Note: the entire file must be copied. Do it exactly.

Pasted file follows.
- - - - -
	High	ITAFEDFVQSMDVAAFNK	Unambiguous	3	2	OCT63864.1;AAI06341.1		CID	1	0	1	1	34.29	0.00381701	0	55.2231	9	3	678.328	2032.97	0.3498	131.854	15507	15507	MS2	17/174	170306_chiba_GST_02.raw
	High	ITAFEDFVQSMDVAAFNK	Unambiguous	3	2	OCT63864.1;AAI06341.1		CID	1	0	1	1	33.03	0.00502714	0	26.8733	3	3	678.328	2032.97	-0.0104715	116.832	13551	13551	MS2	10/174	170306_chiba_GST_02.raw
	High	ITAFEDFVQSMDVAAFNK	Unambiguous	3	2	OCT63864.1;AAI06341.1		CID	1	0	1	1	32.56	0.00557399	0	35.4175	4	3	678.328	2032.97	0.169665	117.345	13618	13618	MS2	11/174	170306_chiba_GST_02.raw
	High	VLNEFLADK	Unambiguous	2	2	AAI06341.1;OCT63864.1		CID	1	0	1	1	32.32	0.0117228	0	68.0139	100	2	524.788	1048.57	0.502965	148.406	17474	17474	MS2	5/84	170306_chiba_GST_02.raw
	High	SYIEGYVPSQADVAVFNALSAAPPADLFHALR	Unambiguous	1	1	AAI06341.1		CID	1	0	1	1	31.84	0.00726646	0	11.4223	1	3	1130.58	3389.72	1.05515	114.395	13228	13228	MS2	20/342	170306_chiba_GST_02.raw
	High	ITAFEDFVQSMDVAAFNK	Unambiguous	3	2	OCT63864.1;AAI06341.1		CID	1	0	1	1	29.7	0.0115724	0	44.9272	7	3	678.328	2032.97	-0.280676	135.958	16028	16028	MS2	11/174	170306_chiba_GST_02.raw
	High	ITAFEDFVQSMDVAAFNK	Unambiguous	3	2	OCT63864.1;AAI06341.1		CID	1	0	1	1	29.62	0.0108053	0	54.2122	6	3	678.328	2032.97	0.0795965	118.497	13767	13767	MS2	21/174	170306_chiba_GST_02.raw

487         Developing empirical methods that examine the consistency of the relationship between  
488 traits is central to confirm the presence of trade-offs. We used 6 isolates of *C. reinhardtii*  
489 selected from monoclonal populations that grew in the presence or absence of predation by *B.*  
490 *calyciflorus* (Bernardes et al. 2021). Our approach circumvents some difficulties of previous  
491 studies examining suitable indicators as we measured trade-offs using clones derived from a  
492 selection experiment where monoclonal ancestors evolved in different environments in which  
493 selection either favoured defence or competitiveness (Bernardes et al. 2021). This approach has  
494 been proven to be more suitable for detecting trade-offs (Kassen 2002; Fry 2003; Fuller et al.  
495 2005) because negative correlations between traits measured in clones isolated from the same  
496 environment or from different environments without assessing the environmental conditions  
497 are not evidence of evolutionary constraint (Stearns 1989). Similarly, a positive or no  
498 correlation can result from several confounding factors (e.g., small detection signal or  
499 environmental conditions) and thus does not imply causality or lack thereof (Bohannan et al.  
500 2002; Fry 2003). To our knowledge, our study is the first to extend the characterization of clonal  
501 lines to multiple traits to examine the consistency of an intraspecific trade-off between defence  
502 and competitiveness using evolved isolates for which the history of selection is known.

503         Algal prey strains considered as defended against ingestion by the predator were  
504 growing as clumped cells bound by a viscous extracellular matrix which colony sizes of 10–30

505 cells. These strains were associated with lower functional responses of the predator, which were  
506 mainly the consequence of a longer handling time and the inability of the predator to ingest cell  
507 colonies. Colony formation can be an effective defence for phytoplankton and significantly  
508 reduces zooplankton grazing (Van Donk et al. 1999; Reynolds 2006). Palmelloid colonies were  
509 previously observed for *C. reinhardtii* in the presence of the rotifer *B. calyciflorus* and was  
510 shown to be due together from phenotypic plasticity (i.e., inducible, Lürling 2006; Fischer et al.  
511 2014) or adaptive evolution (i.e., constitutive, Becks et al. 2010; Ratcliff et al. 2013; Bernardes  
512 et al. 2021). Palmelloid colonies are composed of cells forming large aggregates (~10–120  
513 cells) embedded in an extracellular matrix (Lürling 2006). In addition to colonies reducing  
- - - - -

	High	ITAFEDFVQSMDVAAFNK	Unambiguous	3	2	OCT63864.1;AAI06341.1		CID	1	0	1	1	34.29	0.00381701	0	55.2231	9	3	678.328	2032.97	0.3498	131.854	15507	15507	MS2	17/174	170306_chiba_GST_02.raw
	High	ITAFEDFVQSMDVAAFNK	Unambiguous	3	2	OCT63864.1;AAI06341.1		CID	1	0	1	1	33.03	0.00502714	0	26.8733	3	3	678.328	2032.97	-0.0104715	116.832	13551	13551	MS2	10/174	170306_chiba_GST_02.raw
	High	ITAFEDFVQSMDVAAFNK	Unambiguous	3	2	OCT63864.1;AAI06341.1		CID	1	0	1	1	32.56	0.00557399	0	35.4175	4	3	678.328	2032.97	0.169665	117.345	13618	13618	MS2	11/174	170306_chiba_GST_02.raw
	High	VLNEFLADK	Unambiguous	2	2	AAI06341.1;OCT63864.1		CID	1	0	1	1	32.32	0.0117228	0	68.0139	100	2	524.788	1048.57	0.502965	148.406	17474	17474	MS2	5/84	170306_chiba_GST_02.raw
	High	SYIEGYVPSQADVAVFNALSAAPPADLFHALR	Unambiguous	1	1	AAI06341.1		CID	1	0	1	1	31.84	0.00726646	0	11.4223	1	3	1130.58	3389.72	1.05515	114.395	13228	13228	MS2	20/342	170306_chiba_GST_02.raw
	High	ITAFEDFVQSMDVAAFNK	Unambiguous	3	2	OCT63864.1;AAI06341.1		CID	1	0	1	1	29.7	0.0115724	0	44.9272	7	3	678.328	2032.97	-0.280676	135.958	16028	16028	MS2	11/174	170306_chiba_GST_02.raw
	High	ITAFEDFVQSMDVAAFNK	Unambiguous	3	2	OCT63864.1;AAI06341.1		CID	1	0	1	1	29.62	0.0108053	0	54.2122	6	3	678.328	2032.97	0.0795965	118.497	13767	13767	MS2	21/174	170306_chiba_GST_02.raw

487         Developing empirical methods that examine the consistency of the relationship between  
488 traits is central to confirm the presence of trade-offs. We used 6 isolates of *C. reinhardtii*  
489 selected from monoclonal populations that grew in the presence or absence of predation by *B.*  
490 *calyciflorus* (Bernardes et al. 2021). Our approach circumvents some difficulties of previous  
491 studies examining suitable indicators as we measured trade-offs using clones derived from a  
492 selection experiment where monoclonal ancestors evolved in different environments in which  
493 selection either favoured defence or competitiveness (Bernardes et al. 2021). This approach has  
494 been proven to be more suitable for detecting trade-offs (Kassen 2002; Fry 2003; Fuller et al.  
495 2005) because negative correlations between traits measured in clones isolated from the same  
496 environment or from different environments without assessing the environmental conditions  
497 are not evidence of evolutionary constraint (Stearns 1989). Similarly, a positive or no  
498 correlation can result from several confounding factors (e.g., small detection signal or  
499 environmental conditions) and thus does not imply causality or lack thereof (Bohannan et al.  
500 2002; Fry 2003). To our knowledge, our study is the first to extend the characterization of clonal  
501 lines to multiple traits to examine the consistency of an intraspecific trade-off between defence  
502 and competitiveness using evolved isolates for which the history of selection is known.

503         Algal prey strains considered as defended against ingestion by the predator were  
504 growing as clumped cells bound by a viscous extracellular matrix which colony sizes of 10–30

505 cells. These strains were associated with lower functional responses of the predator, which were  
506 mainly the consequence of a longer handling time and the inability of the predator to ingest cell  
507 colonies. Colony formation can be an effective defence for phytoplankton and significantly  
508 reduces zooplankton grazing (Van Donk et al. 1999; Reynolds 2006). Palmelloid colonies were  
509 previously observed for *C. reinhardtii* in the presence of the rotifer *B. calyciflorus* and was  
510 shown to be due together from phenotypic plasticity (i.e., inducible, Lürling 2006; Fischer et al.  
511 2014) or adaptive evolution (i.e., constitutive, Becks et al. 2010; Ratcliff et al. 2013; Bernardes  
512 et al. 2021). Palmelloid colonies are composed of cells forming large aggregates (~10–120  
513 cells) embedded in an extracellular matrix (Lürling 2006). In addition to colonies reducing  